Glomerulonephritis - inflammation of the renal bodies

More than one million kidney bodies (glomeruli) are responsible in each kidney to filter out about 180 liters of primary urine per day from the liter of blood that flows through them per minute, from which just under 2 liters of final urine together with metabolic waste products are concentrated. In addition to detoxification, the kidney is important for the regulation of water and salt balance, blood pressure regulation, formation of red blood cells and bone metabolism. Inflammatory processes can massively affect the entire kidney function.

What is glomerulonephritis?

Glomerulonephritis refers to an inflammation of the kidney tissue, which affects both kidneys and initially runs on the kidney corpus, but can also spread to the rest of the kidney tissue. It can be short and severe (acute glomerulonephritis), rapidly progressive (rapid progressive) or slow and gradual (chronic glomerulonephritis).

Mostly the immune system is involved. It is suspected that the constant contact of the vascular bundles in the kidney corpuscles with the pollutants in the blood leads to an inflammatory reaction - why this is the case in some people, not in others, is so far largely unclear. However, scientists assume that genetic factors play a role.

Which forms are there?

Due to the variety of different forms of inflammation, the disease is very diverse and can only be assessed by the kidney specialist. It is important to distinguish the forms from each other, because they are different and treated differently and also differ in their prognosis. The division can be made on the basis of the symptoms, the causes, the mechanism of origin and the type of tissue changes, the technical name of the individual forms usually depends on the course and location of primary damage (eg extracapillary or membranous glomerulonephritis).

  • One criterion is how the immune system is involved. In a large group, immune complexes are formed, that is, compounds of antigens and antibodies. These can arise as a result of other diseases (eg after strep throat strep throat) by antibodies formed against bacterial antigens, which initially circulate in the blood and then deposit at various sites of the renal corpuscles and damage them. In other forms, the organism forms autoantibodies against the inner layer of the renal corpuscles that deposit there. But other cells of the immune system (eg T cells, complement) can trigger inflammatory reactions.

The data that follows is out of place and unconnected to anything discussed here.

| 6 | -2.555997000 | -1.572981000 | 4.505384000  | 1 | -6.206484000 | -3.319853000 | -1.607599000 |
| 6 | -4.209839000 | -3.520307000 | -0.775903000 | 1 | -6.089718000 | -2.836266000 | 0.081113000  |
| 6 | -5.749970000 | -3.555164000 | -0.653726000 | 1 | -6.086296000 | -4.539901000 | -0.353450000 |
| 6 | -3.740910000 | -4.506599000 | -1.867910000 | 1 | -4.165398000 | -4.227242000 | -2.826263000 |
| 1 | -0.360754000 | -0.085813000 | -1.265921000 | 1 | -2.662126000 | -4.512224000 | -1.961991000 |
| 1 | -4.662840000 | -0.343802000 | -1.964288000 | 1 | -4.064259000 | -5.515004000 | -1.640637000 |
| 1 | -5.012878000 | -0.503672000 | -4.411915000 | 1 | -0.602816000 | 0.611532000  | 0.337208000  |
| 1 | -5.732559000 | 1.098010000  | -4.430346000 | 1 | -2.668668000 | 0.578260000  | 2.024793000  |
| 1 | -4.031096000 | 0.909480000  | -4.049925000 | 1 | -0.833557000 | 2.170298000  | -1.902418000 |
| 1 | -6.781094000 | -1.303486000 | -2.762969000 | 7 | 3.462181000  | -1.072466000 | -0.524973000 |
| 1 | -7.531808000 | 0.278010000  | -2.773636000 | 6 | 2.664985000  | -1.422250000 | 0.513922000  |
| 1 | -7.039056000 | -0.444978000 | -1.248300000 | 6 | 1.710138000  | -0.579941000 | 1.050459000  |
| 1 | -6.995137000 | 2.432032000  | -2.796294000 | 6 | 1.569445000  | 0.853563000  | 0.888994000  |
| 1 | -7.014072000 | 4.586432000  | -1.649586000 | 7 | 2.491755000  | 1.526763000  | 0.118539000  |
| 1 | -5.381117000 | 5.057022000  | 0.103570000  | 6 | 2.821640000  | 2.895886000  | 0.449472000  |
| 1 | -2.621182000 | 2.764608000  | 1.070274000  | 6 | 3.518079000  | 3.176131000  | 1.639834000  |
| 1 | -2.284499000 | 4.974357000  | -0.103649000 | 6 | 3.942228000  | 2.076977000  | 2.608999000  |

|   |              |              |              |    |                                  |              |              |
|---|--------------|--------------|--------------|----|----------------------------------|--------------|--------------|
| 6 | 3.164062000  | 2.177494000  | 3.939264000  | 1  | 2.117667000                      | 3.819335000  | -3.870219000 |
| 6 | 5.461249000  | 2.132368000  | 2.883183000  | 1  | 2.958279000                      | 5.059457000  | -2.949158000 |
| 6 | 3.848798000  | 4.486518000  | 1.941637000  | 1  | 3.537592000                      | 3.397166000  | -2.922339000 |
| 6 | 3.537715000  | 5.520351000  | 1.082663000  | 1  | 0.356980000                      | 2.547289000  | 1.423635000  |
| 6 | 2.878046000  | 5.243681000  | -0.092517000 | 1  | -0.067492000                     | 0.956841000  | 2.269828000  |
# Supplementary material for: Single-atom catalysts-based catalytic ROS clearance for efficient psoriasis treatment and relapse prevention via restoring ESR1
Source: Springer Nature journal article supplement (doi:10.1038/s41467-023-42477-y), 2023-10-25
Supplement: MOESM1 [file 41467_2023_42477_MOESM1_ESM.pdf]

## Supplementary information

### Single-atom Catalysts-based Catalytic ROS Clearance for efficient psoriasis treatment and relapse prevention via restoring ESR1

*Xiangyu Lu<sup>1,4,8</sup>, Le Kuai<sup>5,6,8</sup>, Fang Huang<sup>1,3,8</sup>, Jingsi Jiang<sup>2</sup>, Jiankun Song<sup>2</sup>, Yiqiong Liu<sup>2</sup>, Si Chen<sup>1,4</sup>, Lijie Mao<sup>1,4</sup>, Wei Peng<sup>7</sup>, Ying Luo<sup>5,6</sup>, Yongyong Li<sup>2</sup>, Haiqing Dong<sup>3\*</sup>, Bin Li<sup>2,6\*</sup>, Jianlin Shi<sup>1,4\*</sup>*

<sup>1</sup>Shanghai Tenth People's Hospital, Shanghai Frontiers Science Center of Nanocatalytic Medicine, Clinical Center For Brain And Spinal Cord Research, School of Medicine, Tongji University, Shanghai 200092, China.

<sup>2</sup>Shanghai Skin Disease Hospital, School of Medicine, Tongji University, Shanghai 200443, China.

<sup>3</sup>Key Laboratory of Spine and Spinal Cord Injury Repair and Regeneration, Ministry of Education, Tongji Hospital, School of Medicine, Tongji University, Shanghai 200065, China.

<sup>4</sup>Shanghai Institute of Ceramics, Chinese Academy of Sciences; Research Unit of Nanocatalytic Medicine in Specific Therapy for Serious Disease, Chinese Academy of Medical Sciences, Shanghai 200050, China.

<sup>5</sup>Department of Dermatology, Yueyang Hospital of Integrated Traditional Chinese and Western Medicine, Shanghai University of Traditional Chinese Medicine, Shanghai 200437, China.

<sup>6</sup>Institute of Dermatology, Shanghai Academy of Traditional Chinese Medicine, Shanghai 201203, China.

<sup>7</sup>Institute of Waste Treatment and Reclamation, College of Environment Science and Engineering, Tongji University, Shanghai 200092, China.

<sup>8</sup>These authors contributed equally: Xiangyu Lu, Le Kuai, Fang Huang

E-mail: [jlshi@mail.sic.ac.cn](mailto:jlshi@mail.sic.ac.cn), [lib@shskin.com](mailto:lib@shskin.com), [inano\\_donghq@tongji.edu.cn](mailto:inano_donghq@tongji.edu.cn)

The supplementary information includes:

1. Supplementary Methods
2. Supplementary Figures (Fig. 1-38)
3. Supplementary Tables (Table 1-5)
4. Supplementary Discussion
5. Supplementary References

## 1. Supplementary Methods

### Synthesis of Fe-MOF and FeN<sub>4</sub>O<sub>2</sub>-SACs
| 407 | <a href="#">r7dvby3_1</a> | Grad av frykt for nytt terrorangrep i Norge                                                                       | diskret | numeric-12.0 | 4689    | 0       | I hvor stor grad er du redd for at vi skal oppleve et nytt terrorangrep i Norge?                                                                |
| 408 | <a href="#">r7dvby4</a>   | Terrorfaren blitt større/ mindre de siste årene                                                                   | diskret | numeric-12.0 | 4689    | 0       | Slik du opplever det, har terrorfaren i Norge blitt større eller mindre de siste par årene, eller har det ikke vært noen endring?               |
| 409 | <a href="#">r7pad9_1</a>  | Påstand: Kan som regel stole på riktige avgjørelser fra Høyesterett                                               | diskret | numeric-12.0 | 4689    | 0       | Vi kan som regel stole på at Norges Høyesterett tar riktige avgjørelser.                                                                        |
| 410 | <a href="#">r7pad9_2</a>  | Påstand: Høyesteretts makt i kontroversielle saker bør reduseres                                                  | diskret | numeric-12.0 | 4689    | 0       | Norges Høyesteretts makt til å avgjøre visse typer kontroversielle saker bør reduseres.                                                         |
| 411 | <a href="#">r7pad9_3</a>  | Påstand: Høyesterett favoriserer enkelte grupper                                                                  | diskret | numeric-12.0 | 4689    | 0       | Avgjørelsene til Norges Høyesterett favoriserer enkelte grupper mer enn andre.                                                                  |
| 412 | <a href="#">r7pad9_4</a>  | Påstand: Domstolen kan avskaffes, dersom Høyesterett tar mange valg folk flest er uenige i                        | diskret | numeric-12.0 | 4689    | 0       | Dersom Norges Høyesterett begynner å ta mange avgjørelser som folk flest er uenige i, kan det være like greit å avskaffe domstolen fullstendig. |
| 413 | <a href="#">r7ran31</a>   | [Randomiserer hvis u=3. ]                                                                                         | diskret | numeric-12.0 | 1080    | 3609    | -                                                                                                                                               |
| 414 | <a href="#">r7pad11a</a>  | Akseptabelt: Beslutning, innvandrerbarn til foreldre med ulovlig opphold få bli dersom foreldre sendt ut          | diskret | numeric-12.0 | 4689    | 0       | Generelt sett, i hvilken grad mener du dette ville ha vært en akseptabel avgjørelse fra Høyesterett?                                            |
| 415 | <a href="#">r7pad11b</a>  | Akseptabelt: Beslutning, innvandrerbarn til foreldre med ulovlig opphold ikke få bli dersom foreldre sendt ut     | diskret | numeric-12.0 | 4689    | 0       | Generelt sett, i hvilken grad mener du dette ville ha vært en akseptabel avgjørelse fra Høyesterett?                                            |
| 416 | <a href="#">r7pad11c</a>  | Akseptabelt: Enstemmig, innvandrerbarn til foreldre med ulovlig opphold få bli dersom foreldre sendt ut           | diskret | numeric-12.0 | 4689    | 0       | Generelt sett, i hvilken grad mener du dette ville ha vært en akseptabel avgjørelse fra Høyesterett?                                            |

• Another distinguishing feature is whether the inflammation initially occurs only at the kidney (primary form) or occurs in the context of systemic diseases that affects other organs (eg the connective tissue in collagenosis or the lung in Goodpasture syndrome), cancers, infections or in certain medications (secondary form).

Symptoms and diagnostics

Whether, how and when the disease manifests depends on the type of inflammation. In many cases, sufferers feel no complaints for a long time, even though the damage to the kidney is already happening. Later, the symptoms of progressive renal failure, such as decreased performance and malaise, loss of appetite, fluid retention, cardiac arrhythmia and high blood pressure, but also nausea, bad breath, itching and yellowish skin discoloration.

It can lead to bone softening, increased susceptibility to infection, anemia, difficulty concentrating and headache. Some patients also complain of kidney pain. In the urine, blood, protein and so-called urinary cylinders, in the blood altered kidney values ​​(creatinine) can be detected. Other examinations include kidney ultrasound and renal function tests.

The diagnosis and allocation of the inflammatory form ultimately requires the removal of tissue samples from the kidney. In order to be able to make a diagnosis as early as possible and to be able to start therapy, it is important to carry out urine tests in potential risk groups. Thus, urine control should be performed 1-3 weeks after streptococcal strep throat. Also in systemic diseases that can lead to a secondary G., should be searched at regular intervals for blood and protein in the urine.

Therapy and treatment

The therapy depends on the type of inflammation. If there is an underlying disease, it will be treated, eg tonsillitis with antibiotics. Otherwise, antihypertensive drugs, cortisone and immunosuppressants are available. Depending on the extent of the kidney failure, the affected person must undergo a "blood wash" (dialysis) and change his diet and hydration.

The course varies from forms with spontaneous recovery, to those with inconsequential cure in early therapy, to forms in which a renal failure requiring dialysis occurs within 5 years or even a few months.

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